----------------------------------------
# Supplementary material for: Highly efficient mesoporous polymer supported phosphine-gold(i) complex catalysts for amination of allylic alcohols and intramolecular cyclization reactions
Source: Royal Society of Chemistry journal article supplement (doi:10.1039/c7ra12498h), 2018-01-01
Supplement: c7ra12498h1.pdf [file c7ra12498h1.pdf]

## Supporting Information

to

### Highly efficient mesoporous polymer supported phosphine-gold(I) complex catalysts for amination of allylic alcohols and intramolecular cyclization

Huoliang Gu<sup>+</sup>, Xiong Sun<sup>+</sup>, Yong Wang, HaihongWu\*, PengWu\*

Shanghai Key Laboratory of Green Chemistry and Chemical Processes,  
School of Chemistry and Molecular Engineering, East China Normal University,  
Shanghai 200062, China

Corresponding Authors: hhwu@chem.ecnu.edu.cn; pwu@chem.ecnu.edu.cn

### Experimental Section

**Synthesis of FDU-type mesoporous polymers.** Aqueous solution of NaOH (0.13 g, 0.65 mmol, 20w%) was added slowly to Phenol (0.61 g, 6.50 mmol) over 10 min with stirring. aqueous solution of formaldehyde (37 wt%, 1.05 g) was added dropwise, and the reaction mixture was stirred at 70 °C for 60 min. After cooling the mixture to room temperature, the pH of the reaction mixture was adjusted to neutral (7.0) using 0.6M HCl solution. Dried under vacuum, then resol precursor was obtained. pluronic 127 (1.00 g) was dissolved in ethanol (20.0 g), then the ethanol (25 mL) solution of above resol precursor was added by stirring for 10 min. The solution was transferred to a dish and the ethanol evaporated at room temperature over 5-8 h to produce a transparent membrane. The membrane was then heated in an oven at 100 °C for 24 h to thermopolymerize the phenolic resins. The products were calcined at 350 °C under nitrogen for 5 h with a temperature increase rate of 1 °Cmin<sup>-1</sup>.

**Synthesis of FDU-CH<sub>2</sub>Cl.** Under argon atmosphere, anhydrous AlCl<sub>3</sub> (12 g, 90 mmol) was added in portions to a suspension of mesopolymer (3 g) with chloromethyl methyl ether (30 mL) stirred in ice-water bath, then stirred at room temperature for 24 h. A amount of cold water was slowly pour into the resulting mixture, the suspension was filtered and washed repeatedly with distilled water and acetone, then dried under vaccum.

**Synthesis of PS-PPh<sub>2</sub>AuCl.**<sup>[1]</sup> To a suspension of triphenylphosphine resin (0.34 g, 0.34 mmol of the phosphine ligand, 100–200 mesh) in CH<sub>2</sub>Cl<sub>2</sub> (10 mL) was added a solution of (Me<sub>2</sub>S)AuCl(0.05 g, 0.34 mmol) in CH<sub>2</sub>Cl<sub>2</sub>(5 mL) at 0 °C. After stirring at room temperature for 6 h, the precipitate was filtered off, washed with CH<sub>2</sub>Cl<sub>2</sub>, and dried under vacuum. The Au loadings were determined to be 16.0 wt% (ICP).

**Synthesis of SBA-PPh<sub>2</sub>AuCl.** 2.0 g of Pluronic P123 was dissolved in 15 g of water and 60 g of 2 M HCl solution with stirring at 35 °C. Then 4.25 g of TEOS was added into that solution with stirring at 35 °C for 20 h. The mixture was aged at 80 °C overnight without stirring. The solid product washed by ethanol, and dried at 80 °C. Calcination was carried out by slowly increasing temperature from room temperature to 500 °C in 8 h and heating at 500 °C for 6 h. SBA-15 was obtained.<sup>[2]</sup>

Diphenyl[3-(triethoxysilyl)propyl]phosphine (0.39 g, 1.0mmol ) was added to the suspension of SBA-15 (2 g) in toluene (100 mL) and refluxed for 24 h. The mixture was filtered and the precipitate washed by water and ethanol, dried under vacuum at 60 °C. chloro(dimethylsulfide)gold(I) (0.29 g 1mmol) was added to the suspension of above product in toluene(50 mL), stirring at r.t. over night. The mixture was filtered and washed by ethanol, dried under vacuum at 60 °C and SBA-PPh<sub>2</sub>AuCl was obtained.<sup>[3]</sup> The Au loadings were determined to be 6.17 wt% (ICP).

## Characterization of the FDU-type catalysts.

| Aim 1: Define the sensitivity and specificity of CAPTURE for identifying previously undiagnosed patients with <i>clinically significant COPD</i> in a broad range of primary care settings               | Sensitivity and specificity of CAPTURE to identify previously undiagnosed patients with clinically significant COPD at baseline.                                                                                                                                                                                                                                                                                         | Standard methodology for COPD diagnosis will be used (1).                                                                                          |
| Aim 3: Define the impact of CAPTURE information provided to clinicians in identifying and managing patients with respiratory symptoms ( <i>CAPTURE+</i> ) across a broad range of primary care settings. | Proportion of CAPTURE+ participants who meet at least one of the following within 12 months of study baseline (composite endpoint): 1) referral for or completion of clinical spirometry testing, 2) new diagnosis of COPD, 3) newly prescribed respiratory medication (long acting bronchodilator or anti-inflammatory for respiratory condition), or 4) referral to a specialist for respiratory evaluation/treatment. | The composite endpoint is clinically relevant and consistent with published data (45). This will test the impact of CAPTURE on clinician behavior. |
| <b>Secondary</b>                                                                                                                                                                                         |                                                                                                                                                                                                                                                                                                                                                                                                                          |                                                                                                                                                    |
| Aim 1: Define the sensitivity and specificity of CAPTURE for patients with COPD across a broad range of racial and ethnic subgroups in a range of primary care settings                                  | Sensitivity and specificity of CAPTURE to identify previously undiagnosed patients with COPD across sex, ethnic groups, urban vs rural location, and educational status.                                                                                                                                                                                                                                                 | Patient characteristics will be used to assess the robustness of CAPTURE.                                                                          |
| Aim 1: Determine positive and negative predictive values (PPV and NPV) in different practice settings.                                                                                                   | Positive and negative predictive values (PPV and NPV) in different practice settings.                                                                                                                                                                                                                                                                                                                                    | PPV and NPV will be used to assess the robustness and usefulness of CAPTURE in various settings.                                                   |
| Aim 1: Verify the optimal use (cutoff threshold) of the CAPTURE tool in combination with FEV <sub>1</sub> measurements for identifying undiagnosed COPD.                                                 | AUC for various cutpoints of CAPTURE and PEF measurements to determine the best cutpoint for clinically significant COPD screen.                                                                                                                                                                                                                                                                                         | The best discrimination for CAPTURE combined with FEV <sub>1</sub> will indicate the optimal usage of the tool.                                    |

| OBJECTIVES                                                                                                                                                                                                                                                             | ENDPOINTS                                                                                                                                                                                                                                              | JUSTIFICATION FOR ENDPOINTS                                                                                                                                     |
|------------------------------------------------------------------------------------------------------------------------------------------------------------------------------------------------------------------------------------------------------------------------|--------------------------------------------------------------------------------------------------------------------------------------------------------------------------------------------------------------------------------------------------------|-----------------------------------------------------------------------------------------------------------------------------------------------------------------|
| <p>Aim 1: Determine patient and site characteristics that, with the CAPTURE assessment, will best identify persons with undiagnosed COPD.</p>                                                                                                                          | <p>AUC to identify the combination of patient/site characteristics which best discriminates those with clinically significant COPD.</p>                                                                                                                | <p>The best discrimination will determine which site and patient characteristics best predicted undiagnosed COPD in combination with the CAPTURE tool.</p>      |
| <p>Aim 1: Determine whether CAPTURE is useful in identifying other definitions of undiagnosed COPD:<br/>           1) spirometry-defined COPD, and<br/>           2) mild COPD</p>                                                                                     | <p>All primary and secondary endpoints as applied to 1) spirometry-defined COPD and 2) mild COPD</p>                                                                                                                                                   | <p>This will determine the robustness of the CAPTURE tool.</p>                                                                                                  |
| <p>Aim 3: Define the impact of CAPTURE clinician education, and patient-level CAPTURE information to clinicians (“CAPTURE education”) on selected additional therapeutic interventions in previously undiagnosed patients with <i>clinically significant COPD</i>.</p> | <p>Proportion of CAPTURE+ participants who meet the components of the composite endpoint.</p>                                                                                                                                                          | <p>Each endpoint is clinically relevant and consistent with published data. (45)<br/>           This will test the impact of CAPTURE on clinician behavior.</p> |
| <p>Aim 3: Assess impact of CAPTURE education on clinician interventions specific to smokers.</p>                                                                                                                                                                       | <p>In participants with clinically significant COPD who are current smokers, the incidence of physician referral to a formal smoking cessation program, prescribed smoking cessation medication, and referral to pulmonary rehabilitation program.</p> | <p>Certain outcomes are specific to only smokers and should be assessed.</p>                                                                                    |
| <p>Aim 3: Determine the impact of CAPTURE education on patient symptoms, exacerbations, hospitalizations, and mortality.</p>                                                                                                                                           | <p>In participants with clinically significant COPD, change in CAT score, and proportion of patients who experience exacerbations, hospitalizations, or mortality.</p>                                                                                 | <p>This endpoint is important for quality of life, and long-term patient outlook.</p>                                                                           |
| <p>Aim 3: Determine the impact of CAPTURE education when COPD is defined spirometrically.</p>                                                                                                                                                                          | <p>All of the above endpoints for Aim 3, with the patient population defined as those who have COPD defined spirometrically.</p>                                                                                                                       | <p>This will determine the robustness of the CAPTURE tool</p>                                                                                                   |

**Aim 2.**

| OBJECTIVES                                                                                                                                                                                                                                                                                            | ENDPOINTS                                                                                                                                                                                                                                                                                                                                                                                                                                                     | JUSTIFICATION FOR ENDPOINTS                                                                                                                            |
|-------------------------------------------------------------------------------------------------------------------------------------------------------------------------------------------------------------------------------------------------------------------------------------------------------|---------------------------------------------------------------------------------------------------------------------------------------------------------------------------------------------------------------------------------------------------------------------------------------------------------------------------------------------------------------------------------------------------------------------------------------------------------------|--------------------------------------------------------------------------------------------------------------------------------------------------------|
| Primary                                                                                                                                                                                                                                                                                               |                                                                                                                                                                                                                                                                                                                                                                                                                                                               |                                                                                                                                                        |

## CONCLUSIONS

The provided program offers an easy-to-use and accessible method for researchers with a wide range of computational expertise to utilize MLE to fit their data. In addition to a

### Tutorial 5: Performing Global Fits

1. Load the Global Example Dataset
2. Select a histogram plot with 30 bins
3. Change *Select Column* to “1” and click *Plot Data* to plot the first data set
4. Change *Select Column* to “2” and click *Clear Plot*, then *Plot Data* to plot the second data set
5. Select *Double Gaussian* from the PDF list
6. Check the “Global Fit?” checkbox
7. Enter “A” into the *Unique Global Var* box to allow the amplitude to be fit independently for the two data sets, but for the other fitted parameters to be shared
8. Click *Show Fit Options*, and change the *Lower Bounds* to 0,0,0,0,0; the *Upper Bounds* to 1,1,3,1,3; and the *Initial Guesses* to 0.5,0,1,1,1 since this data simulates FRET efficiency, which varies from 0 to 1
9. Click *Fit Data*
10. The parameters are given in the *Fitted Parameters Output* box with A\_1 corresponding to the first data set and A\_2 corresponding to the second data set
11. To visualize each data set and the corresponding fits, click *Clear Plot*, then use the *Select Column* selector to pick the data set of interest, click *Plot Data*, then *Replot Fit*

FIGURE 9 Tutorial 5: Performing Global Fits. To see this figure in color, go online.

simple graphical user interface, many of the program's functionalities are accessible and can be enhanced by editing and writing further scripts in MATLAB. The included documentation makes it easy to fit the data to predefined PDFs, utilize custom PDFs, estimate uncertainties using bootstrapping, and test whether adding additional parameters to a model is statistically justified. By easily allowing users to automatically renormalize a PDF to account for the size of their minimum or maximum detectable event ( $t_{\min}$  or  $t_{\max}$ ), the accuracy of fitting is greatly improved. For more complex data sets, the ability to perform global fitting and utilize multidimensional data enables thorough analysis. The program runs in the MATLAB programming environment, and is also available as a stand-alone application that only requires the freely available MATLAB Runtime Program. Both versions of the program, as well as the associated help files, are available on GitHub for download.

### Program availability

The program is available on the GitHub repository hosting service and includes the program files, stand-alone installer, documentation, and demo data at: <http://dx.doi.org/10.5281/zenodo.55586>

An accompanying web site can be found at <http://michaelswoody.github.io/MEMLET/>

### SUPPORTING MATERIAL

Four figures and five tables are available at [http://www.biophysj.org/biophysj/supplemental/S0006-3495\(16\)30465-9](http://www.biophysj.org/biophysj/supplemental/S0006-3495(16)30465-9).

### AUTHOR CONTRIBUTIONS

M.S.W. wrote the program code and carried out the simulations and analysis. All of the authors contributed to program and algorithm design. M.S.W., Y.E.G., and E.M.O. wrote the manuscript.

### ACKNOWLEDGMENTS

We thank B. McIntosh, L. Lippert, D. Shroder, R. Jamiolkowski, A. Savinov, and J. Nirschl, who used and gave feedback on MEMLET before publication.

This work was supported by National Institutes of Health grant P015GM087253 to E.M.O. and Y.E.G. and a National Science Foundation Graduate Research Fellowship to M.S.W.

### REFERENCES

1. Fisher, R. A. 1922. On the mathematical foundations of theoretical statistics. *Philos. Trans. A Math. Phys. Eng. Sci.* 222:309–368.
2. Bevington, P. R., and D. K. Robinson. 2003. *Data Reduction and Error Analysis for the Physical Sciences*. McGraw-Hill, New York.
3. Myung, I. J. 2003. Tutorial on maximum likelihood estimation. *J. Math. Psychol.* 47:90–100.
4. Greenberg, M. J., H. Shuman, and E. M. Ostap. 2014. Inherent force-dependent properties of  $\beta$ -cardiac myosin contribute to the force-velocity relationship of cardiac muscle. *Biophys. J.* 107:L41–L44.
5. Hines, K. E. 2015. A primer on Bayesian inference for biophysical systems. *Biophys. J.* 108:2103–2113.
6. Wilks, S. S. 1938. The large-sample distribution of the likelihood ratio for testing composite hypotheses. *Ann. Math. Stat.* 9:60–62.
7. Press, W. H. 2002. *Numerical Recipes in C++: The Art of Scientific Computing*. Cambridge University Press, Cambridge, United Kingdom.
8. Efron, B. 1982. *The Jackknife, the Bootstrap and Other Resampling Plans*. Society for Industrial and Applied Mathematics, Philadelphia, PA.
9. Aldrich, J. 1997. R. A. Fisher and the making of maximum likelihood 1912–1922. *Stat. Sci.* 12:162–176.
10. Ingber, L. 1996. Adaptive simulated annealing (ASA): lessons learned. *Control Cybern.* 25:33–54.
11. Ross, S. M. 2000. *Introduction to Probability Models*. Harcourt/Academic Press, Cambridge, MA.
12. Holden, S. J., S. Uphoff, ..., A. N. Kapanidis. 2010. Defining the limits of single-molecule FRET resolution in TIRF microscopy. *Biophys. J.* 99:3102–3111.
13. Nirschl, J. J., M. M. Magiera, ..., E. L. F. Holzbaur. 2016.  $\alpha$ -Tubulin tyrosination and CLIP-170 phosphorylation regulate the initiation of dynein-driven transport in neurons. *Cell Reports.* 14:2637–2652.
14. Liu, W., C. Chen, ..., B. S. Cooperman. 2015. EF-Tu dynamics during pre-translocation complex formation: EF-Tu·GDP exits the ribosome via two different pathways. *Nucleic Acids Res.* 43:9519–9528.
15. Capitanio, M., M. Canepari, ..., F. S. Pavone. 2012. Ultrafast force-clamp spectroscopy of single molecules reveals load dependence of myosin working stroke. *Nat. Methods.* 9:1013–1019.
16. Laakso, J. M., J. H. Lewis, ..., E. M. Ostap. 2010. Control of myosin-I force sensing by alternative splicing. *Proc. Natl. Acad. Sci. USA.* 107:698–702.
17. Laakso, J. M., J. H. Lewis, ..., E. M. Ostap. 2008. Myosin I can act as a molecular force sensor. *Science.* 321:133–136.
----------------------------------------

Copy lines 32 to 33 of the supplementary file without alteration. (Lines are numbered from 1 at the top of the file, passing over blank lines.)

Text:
| <p>Aim 3: Determine the impact of CAPTURE education when COPD is defined spirometrically.</p>                                                                                                                                                                          | <p>All of the above endpoints for Aim 3, with the patient population defined as those who have COPD defined spirometrically.</p>                                                                                                                       | <p>This will determine the robustness of the CAPTURE tool</p>                                                                                                   |

**Aim 2.**